The NDB and the CRA are a response of the BRICS to the shortcomings of the current intenational finance architecture. For many years, the BRICS have both individually and collectively demanded a reform of the vote share system of the Bretton Woods institutions, where the United States and European states are overrepresented at the expense of emerging powers : China, the world second-largest economy only has 3.81% of total vote share, whereas the United Kingdom and France each have 4.29% despite their smaller economies. The reform expected to adress these imbalances fell short as it was obstructed by the US Congress – reinforcing the perceptions that the United States is the main barrier to the reform of the international finance architecture. Beyond the NDB initiative, China is also expanding its influence through other financial initiatives like the New Silk Road Initiative and the Asian Infrastructure Investment Bank (AIIB), where it is the largest shareholder (30.34%), while India has 8.45% and Russia 6.5%.

Questionable alternatives and the risk of China dominating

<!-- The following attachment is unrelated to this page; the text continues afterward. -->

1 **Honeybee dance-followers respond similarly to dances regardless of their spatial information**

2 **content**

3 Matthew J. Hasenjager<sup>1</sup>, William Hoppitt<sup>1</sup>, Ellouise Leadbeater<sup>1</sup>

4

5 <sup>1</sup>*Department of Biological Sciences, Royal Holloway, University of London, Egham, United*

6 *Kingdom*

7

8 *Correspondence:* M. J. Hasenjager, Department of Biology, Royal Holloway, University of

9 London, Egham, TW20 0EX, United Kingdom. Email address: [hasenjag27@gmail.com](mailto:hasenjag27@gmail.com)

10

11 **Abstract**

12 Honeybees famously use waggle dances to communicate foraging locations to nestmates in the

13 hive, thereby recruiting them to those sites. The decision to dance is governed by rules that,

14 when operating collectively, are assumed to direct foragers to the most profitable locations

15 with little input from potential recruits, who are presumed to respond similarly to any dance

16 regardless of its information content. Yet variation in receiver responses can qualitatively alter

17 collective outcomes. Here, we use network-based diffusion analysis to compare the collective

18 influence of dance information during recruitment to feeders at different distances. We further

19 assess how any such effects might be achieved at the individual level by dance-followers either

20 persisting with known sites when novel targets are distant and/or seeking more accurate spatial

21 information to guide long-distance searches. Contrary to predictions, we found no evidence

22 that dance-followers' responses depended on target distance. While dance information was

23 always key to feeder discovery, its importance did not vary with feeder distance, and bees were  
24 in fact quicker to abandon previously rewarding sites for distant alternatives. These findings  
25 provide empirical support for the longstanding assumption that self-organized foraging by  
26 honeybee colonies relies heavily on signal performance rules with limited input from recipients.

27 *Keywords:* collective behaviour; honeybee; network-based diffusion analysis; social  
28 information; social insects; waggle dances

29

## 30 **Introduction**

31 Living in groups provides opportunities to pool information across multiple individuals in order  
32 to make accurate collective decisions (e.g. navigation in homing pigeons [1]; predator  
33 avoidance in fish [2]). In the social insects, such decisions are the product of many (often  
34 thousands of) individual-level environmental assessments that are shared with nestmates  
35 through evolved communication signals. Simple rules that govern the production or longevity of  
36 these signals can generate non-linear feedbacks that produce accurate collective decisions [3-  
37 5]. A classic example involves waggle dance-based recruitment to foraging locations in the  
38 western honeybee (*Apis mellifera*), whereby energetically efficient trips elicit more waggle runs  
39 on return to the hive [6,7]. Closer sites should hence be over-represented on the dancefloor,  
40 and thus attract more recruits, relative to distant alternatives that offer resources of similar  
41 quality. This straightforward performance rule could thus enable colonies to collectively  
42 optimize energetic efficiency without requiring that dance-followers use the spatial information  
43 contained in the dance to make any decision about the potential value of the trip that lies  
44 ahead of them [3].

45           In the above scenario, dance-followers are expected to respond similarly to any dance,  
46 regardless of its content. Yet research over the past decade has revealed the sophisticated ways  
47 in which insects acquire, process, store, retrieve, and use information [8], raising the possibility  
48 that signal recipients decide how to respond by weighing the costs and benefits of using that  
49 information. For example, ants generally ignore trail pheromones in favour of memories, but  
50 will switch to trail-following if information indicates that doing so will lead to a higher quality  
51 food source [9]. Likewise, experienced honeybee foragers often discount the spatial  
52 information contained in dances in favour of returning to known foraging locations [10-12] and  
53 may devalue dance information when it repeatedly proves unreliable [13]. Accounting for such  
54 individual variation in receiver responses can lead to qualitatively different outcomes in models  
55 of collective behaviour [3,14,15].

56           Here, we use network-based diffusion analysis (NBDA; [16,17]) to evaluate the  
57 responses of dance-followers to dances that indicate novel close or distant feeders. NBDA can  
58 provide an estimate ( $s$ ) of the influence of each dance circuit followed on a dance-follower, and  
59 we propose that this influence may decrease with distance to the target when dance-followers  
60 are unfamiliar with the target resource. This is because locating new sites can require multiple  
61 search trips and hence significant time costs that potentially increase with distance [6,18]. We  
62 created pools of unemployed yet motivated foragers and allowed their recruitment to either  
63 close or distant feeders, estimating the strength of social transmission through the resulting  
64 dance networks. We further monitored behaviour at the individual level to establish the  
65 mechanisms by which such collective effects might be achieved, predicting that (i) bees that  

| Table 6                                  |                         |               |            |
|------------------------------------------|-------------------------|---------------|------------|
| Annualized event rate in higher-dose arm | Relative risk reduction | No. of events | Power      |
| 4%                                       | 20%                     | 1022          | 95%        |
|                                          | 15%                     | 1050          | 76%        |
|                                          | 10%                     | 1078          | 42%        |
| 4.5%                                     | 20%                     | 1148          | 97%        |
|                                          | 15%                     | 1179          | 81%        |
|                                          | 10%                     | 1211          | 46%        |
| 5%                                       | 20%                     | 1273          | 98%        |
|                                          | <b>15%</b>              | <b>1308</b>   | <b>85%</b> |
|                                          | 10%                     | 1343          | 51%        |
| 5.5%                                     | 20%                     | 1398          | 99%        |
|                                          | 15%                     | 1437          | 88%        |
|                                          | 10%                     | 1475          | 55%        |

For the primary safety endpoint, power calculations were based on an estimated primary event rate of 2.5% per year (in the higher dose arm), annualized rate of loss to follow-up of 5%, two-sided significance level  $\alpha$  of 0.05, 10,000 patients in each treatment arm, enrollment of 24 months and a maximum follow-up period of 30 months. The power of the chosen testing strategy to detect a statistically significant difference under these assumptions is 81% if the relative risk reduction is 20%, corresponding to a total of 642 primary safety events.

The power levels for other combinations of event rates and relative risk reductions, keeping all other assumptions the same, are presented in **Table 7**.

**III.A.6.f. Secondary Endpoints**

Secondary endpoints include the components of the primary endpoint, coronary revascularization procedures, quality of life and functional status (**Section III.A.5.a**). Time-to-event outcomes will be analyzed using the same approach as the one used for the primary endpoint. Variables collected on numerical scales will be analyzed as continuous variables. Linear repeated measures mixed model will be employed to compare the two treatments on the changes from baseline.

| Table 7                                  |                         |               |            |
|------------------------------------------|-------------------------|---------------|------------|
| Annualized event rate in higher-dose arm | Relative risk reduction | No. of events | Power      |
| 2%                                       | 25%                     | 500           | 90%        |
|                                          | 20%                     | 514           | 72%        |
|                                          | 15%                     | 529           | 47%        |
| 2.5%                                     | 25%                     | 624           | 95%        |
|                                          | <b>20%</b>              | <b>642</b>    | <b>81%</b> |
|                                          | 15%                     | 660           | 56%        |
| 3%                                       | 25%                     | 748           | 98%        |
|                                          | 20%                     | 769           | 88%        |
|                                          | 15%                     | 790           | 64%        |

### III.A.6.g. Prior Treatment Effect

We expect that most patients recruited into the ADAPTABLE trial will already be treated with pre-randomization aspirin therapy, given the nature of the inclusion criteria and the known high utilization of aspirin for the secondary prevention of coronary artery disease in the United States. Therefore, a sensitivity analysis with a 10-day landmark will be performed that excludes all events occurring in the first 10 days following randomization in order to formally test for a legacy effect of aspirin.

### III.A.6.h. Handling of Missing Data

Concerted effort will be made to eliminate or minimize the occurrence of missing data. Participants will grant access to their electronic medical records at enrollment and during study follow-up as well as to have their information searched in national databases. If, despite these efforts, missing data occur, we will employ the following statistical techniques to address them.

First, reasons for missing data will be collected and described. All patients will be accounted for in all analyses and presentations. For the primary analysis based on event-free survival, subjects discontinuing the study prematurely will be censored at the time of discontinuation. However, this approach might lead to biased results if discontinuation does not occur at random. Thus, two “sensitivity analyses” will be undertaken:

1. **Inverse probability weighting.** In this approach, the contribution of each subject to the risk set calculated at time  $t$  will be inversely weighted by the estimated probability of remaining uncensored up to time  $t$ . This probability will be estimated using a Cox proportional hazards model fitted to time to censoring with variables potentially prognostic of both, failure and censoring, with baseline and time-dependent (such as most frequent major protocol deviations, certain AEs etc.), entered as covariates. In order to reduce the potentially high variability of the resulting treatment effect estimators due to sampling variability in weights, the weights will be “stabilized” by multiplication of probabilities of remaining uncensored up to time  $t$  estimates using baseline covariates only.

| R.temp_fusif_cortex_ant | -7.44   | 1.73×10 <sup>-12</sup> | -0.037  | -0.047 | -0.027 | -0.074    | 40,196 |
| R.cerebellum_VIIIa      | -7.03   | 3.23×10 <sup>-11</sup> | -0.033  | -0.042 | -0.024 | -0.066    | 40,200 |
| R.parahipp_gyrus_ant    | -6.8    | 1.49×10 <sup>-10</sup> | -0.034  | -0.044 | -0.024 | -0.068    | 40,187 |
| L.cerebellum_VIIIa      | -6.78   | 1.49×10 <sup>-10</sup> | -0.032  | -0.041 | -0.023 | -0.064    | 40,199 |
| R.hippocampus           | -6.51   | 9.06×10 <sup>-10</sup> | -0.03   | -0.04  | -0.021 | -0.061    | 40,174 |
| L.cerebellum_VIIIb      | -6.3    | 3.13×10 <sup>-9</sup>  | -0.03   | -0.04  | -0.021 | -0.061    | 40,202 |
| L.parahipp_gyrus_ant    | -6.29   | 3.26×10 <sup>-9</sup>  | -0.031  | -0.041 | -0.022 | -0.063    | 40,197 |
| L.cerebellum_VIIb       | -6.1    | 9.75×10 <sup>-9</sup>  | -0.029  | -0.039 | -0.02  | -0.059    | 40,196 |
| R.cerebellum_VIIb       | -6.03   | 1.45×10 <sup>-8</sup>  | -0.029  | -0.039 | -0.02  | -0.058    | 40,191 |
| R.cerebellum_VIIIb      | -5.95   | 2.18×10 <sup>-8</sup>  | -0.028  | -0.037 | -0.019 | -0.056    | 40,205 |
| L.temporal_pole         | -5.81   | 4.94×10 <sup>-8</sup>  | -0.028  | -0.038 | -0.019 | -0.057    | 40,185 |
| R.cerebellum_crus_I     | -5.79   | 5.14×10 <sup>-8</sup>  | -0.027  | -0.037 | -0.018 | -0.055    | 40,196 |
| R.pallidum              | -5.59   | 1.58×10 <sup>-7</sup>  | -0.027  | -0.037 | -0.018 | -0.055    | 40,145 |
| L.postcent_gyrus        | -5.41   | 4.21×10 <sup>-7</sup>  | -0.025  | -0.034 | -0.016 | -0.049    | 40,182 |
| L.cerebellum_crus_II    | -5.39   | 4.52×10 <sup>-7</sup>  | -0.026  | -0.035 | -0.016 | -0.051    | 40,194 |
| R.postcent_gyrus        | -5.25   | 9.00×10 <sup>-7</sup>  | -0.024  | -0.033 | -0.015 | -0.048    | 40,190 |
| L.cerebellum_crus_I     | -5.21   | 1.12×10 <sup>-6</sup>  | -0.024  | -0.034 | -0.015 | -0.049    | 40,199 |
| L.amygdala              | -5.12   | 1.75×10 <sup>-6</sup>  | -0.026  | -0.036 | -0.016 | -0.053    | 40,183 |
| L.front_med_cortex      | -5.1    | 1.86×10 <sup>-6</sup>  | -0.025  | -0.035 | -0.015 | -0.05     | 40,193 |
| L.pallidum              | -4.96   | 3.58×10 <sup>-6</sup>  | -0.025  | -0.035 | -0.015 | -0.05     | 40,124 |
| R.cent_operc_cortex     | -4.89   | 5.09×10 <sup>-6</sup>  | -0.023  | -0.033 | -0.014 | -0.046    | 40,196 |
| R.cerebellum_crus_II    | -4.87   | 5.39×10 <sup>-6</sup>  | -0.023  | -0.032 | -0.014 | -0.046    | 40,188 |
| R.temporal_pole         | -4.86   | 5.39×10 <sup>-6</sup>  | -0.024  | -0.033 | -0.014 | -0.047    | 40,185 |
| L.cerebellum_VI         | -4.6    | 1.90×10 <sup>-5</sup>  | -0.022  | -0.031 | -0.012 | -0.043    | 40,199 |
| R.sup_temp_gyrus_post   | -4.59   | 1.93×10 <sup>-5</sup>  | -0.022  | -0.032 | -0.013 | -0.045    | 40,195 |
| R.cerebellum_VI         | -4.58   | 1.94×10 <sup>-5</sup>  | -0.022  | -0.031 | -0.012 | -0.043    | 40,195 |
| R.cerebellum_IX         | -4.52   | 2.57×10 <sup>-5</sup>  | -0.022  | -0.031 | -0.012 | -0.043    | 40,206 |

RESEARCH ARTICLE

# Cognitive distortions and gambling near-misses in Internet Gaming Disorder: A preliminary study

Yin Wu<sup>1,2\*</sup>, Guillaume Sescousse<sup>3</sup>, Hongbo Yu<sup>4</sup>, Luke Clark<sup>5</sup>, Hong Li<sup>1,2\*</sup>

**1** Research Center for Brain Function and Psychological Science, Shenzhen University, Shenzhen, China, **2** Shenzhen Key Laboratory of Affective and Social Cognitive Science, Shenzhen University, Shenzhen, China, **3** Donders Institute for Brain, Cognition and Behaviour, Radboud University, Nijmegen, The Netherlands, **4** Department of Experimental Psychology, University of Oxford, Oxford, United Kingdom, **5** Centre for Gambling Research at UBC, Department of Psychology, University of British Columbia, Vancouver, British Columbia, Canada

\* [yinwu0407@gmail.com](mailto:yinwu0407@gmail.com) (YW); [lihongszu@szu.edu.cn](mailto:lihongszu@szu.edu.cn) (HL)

However, it remains unclear to what extent these instruments will act as financial alternatives and if they will be able to challenge the dominance of the US dollar and the current international currency system (one of the specific aims of the CRA). By expanding the use of national currencies, not all BRICS gain the same advantage. Some members, such as India, view it as a means for China to achieve its objective of progressively internationalising the yuan – which has been a foreign policy priority under President Xi Jinping. During the Ufa summit, suggestions that 50% of intra-BRICS trading could be invoiced in yuan received mixed responses, especially from India. From a strategic point of view, Indian economists see it as a disadvantage as it already suffers from a significant trade deficit with China and it would only make sense for India to have local currency arrangements with countries with which it enjoys a surplus in bilateral trade. Furthermore, intra-BRICS trade remains low : excluding China, bilateral trade between India and Brazil-Russia-South Africa represents less than 5% of India’s exports.